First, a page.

DOWNTOWN — Upcoming negotiations with city unions need to result in overall savings for taxpayers to help “solidify” the city’s improving financial condition, Mayor Rahm Emanuel said Wednesday.
Emanuel's remarks, in a speech to the Chicago Investors Conference, which includes some of the city’s largest investors, signaled the mayor's willingness take Inspector General Joseph Ferguson's advice and use the expiration of the contracts to negotiate a new deal designed to reduce costs and improve services.
Emanuel touted the improvements in the city's financial condition since he took office in 2011 — saying he had removed the "biggest cloud" hovering over the city's finances by putting Chicago's four pension funds on firmer footing.
"By no means is Chicago out of the woods," Emanuel said at Columbia College. "We are not running away from our challenges. We will meet them head on."
Emanuel acknowledged that perhaps the biggest challenge facing the city is the need to renegotiate labor agreements with 90 percent of the city's 30,000-member workforce, which expired June 30. Those up for new contracts include laborers, firefighters, police and other municipal employees.
The unions must partner with the city to ensure those labor agreements "benefit the entire city," Emanuel said.
"As we negotiate the new contracts, I expect … to see savings in wages and benefits, health care and other places that are key to the City of Chicago’s future,” Emanuel said.
Emanuel used the speech to tout the greatest hits of his nearly two terms in office, including Chicago's status as the No. 1 city for corporate relocations and its bragging rights as the restaurant city of the year, as determined by Bon Appetit magazine.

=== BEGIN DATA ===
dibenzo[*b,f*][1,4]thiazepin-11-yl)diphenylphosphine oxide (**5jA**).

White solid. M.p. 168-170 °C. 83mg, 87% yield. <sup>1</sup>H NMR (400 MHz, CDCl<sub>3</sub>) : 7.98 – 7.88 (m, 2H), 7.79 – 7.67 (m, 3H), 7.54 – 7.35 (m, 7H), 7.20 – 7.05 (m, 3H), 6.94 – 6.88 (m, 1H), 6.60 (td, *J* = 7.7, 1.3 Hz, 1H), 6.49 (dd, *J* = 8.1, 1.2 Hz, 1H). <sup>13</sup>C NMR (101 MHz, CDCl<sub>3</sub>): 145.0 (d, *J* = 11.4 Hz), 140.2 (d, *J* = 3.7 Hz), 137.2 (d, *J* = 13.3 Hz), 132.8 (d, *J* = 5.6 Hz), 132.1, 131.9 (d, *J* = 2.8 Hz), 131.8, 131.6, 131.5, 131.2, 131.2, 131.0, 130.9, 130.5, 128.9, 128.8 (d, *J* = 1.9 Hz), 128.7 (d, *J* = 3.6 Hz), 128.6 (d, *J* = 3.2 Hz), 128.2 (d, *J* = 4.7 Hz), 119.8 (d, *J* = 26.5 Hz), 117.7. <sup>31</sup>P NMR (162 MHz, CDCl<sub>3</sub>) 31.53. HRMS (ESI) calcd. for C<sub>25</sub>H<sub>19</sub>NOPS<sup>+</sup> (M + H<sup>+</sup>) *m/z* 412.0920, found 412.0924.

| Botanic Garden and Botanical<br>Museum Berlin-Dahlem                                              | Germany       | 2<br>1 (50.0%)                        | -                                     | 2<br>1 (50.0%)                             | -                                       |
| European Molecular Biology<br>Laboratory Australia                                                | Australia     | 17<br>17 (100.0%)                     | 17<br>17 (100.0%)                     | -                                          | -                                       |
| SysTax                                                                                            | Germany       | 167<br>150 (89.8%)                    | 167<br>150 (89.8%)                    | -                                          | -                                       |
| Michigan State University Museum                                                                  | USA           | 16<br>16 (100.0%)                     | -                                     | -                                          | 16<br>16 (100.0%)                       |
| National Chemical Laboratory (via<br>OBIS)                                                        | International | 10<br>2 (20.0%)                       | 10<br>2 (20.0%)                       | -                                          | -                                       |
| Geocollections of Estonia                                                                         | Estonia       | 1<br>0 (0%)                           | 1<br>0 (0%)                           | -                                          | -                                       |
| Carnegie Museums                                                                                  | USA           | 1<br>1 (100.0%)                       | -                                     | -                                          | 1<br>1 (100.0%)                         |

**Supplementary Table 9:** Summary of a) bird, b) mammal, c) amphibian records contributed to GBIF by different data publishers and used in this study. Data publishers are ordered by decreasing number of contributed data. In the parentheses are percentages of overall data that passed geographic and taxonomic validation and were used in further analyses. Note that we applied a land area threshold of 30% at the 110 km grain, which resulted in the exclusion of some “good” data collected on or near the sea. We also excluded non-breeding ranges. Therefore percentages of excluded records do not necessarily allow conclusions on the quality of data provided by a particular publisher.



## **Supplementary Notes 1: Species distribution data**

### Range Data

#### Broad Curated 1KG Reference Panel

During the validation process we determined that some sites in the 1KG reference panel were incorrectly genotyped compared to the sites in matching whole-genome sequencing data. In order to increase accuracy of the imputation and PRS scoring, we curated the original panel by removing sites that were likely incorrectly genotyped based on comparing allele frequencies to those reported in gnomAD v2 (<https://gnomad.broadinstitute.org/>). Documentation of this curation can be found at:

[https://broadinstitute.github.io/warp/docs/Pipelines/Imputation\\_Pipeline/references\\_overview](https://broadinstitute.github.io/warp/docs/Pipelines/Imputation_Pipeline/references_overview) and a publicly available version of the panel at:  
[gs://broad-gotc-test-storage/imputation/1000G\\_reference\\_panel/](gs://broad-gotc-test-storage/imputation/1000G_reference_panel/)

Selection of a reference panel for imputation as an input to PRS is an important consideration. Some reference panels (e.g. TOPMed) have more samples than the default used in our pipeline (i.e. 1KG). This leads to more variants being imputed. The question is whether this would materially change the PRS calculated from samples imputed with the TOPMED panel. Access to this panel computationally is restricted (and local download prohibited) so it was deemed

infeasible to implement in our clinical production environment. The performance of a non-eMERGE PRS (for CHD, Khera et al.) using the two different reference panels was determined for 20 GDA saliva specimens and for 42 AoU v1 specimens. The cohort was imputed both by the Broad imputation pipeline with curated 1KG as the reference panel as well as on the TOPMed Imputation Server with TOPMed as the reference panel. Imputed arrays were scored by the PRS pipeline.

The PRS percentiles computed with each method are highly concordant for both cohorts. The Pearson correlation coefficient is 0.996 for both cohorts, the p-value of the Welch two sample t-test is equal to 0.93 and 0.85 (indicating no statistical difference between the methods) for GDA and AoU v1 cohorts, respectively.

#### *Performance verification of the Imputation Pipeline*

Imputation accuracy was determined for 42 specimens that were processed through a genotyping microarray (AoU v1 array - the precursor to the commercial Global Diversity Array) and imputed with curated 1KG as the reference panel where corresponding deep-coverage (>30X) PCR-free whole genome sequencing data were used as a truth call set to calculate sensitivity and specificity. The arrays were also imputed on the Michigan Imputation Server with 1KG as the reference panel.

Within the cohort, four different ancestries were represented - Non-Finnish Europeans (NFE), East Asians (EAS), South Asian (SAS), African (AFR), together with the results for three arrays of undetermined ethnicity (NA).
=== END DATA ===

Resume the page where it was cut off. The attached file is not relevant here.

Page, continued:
"And that's not because of my winning personality," said the famously profane and prickly Emanuel, drawing knowing laughter from the crowd.
The city is "well on its way to establishing the type of growth we want to see" by investing in "stability and certainty" at a time when uncertainty is the rule in Washington and Springfield, Emanuel said.
Emanuel said that certainty was based on his commitment to end practices "that hid the true cost of government."
He said he will refuse to just raise taxes or slash services to get the city out of the red.
The practice of the city taking on more debt to pay off existing debt — known as "scoop and toss" — will end in 2019, Emanuel said.
Emanuel faced a $635.7 million deficit after succeeding Mayor Richard M. Daley in 2011. The drop in the city's structural deficit — expenses minus revenue — is expected to be at the center of Emanuel's likely bid for a third term as mayor of Chicago.
The stability touted by Emanuel is largely due to several massive tax increases, including the largest property tax increase in Chicago's history — approved in 2015 — and a 30 percent increase in the water and sewer tax — approved in 2016.
Given the green light by legislation approved by state lawmakers, Emanuel is expected to ask aldermen to hike taxes this fall on cellphones and land lines by 28 percent. That will keep the laborers' pension fund out of the red, officials said.
Emanuel told investors Wednesday that he would continue to take a “balanced” approach to new taxes and has so far declined to say if he will propose to hike taxes or fees this fall to bridge the projected gap — or to cover the second installment coming due on the mayor's promise to expand the Chicago Police Department by 970 positions.
City officials have announced plans to hire 266 police officers, 100 detectives and 75 sergeants in 2018, which is expected to cost at least $60 million.
"I’m not going to make up in two or three years what took 30 years to create," Emanuel said.
The city is expected to refinance up to $2.5 billion in debt under a new state law that could save taxpayers as much as $75 million a year, officials said. That method of debt management is already used in New York City, Philadelphia and Washington, and could raise the city's credit rating, Emanuel said.
Another obstacle facing the city is the unknown cost of efforts to reform the Police Department in the wake of the fatal shooting of Laquan McDonald.
In addition, it is not clear whether the city will seek to solve the perennial budget crisis afflicting Chicago Public Schools by adding more money to CPS coffers.
Emanuel again blamed Illinois Gov. Bruce Rauner for CPS' financial woes, saying Illinois does not fund Chicago schools adequately.